Laura K. O. Smith ’05
Marine Seismic Engineer, Schlumberger
Field work and friendships
I spent my first Princeton fall break hiking up mountains, wandering around rock outcrops, and staring at old glacial valleys in the Sierra Nevada of California. Looking back, I consider that week one of my most formative. I remember one day sitting on an outcrop looking out at the old glacial valley. Our four professors leading our clueless, but curious group of 20 freshmen had told us to sit, look, write, and draw what we saw and come up with a story. I sat, stared, and at first couldn’t really see a thing, except the grassy hillside. But the longer I sat there, the more I started to see the patterns emerge and evidence of past glaciers appear. I had intended to be a mechanical engineer, but with so many questions to be found in the mountains, I switched that spring to geological engineering.
The geology freshman seminar was the first of many geology field trips that I took at Princeton that led me all over the United States and the world—Montana for a summer, many trips to New Mexico, a summer in Mongolia, a spring break in Morocco, and even a semester in New Zealand. What makes geology different from most disciplines is the necessity of the hands-on. Those weeks outside gave me whole semesters worth of amazing knowledge—how mountains grew up and then were eroded away, how faults drastically changed landscapes, and how to map and document everything that I found. I learned to look at what surrounded me and ask, Why? How? When?
The people, though, are what made geology so special to me. No other major allows one to spend so much time outside of a classroom with peers and professors. I’ve shared many meals, jokes, and evenings after a hard day of hiking, with professors who I now consider my good friends and mentors. The shared experience with my classmates from so many field trips and the common struggle to understand the rocks in front of us cannot be matched in the classroom. In fact, many of my closest friends at Princeton were classmates from that very first trip to California.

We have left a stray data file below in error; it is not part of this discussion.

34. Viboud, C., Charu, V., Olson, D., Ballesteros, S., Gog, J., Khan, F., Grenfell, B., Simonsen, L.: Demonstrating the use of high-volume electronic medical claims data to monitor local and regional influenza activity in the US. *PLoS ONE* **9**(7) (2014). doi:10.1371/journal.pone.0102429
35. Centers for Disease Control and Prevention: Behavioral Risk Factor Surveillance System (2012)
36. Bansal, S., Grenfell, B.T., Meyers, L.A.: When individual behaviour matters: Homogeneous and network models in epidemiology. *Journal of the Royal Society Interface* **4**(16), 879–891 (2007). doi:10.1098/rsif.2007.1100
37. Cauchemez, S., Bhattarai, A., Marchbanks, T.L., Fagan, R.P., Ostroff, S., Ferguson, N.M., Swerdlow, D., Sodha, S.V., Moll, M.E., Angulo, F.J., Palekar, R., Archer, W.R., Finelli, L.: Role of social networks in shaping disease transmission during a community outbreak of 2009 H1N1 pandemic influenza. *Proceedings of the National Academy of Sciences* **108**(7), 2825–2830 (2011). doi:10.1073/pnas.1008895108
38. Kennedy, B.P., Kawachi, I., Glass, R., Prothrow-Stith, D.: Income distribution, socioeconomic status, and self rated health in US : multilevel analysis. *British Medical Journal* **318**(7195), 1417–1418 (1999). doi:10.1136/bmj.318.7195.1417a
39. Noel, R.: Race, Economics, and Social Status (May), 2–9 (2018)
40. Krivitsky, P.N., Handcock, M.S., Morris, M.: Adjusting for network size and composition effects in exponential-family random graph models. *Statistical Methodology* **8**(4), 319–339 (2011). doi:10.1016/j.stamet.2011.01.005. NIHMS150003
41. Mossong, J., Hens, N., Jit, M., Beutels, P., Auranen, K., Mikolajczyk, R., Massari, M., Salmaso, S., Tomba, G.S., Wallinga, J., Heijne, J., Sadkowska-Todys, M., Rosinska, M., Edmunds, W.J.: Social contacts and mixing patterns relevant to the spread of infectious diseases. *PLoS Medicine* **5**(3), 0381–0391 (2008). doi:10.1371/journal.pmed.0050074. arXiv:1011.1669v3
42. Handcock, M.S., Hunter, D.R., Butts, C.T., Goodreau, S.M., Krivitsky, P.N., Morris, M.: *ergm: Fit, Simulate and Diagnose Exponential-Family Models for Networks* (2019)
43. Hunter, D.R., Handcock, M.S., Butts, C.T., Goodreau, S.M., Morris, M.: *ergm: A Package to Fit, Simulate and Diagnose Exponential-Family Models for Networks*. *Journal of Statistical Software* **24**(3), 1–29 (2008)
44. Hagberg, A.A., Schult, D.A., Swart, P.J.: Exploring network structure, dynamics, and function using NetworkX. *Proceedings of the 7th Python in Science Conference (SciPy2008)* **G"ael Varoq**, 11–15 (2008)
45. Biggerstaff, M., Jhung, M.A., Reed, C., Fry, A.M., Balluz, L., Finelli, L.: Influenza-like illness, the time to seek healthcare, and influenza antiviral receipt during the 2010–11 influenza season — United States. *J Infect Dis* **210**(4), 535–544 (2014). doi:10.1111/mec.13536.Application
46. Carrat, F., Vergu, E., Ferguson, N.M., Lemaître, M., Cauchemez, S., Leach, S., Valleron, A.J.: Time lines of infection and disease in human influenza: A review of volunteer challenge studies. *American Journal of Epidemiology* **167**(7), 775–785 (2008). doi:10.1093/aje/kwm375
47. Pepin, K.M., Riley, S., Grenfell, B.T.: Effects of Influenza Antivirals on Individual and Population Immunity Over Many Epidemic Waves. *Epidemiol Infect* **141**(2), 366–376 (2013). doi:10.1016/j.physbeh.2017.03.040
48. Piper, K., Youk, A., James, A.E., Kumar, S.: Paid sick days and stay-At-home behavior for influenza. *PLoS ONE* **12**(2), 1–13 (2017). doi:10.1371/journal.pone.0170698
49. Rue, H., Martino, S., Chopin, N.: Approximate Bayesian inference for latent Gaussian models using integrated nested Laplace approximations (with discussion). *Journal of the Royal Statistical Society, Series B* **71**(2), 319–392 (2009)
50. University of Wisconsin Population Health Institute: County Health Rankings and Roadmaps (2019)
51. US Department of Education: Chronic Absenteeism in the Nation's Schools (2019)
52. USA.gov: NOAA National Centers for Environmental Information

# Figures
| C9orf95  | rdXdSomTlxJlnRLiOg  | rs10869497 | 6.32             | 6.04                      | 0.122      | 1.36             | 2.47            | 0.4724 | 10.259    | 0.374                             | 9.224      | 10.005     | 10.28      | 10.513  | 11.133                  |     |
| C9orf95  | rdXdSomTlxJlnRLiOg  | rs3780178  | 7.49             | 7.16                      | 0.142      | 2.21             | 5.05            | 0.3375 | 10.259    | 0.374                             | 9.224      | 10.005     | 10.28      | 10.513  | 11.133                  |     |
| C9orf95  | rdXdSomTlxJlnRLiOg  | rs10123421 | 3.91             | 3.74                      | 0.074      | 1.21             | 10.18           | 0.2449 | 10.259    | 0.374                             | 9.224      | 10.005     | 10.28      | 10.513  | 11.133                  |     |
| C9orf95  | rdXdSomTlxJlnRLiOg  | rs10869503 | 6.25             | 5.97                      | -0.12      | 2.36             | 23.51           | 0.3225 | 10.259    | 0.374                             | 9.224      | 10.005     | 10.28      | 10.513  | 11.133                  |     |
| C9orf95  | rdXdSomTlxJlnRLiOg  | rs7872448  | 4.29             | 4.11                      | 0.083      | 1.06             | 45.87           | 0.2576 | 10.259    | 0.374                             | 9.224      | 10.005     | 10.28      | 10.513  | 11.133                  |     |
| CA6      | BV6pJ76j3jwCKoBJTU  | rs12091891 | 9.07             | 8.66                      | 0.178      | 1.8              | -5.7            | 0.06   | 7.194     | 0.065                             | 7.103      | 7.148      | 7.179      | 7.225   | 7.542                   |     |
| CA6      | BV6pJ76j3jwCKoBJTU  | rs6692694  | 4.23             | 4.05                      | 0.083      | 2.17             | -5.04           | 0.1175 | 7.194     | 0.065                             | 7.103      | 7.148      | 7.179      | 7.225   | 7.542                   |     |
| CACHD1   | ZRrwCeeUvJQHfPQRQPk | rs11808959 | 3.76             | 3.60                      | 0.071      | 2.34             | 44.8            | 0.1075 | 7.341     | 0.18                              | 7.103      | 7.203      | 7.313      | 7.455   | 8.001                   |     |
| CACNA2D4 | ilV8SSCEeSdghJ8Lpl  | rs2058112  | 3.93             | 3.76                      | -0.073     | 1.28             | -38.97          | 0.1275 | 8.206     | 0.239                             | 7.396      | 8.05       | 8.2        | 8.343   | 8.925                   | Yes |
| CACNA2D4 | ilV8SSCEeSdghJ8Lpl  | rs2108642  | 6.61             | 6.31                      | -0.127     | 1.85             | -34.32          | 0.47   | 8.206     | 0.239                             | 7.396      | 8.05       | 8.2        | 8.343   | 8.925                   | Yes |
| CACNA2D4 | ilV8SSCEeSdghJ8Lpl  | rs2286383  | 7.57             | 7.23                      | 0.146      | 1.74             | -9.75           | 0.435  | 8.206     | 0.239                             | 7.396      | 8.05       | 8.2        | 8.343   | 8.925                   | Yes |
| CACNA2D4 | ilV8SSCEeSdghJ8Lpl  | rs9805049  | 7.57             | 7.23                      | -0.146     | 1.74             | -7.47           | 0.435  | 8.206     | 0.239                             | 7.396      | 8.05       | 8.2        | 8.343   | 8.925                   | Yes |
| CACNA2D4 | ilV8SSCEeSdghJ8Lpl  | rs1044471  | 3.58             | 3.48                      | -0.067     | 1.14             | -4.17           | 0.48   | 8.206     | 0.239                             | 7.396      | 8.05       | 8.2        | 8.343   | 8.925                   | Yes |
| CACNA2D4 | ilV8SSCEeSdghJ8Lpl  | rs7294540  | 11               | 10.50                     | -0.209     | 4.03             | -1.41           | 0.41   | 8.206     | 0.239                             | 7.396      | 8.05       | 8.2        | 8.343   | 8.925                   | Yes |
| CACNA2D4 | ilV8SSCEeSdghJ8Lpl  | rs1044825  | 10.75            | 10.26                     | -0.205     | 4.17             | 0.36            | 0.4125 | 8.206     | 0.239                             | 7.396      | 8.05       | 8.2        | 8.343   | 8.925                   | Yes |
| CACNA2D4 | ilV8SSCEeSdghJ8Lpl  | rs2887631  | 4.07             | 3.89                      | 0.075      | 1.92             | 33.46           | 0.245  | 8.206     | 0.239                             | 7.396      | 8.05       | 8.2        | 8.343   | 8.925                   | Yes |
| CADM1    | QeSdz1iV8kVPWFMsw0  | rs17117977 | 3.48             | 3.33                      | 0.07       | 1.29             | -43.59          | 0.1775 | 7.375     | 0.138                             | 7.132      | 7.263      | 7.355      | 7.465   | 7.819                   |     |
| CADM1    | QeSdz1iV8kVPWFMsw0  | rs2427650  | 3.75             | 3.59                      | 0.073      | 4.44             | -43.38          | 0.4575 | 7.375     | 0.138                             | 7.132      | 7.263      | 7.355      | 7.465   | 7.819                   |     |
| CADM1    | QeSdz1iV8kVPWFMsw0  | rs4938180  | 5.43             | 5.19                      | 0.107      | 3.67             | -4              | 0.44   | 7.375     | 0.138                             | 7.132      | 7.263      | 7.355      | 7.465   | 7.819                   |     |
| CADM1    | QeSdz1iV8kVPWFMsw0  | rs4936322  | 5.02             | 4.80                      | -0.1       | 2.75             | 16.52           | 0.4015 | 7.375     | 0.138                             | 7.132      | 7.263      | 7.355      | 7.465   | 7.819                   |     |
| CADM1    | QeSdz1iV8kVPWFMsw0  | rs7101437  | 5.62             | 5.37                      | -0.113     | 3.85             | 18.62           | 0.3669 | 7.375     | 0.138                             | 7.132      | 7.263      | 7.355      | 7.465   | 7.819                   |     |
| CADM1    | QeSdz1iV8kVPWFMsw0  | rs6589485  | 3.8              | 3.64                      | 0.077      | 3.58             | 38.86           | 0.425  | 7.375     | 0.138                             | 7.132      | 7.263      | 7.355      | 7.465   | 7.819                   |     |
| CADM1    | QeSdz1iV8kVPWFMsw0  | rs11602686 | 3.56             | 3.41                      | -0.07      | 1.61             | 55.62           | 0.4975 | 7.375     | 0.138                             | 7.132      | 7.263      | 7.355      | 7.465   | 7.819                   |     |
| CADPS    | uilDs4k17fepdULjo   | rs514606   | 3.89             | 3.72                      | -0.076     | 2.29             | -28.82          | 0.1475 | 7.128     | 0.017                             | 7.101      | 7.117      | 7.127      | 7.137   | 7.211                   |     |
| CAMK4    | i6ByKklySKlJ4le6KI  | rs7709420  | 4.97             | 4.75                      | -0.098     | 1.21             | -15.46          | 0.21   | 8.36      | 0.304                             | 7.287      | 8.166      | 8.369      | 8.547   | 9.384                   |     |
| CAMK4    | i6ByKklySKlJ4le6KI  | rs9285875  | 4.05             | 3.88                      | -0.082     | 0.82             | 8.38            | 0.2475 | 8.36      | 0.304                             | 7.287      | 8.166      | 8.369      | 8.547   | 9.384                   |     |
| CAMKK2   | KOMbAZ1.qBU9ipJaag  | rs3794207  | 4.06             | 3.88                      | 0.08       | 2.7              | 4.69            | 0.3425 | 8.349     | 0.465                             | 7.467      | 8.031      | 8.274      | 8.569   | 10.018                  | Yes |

Oceans come calling
After spending so much time in academia, and having grown up in Washington, D.C., surrounded by government jobs, I wanted to see what the for-profit sector looked like. So, like any good environmentalist, I went to look for oil. I will admit that when I left Princeton with geological engineering on my transcript, I was a much better geologist than actual engineer. Now, however, I work as a seismic engineer on a vessel shooting air guns into the water to get data about where oil may be under the ocean. Living on a vessel under intense pressure from oil companies to find oil and find it fast, I find that my Princeton geology training comes into play daily. The details of Mongolian mountain building may not come up on a daily basis, but the deeply ingrained questioning I developed doing field work continually helps me troubleshoot on the boat. The geological principles that I learned help me to do quality control on the data that are coming in through our recording equipment, and the community living during Princeton field trips is very similar to shipboard life, where I share a 240-foot-long vessel with 48 other people for five weeks at a time. Best of all, the travel has continued, as I have now worked in India and Norway, with more places soon on the way.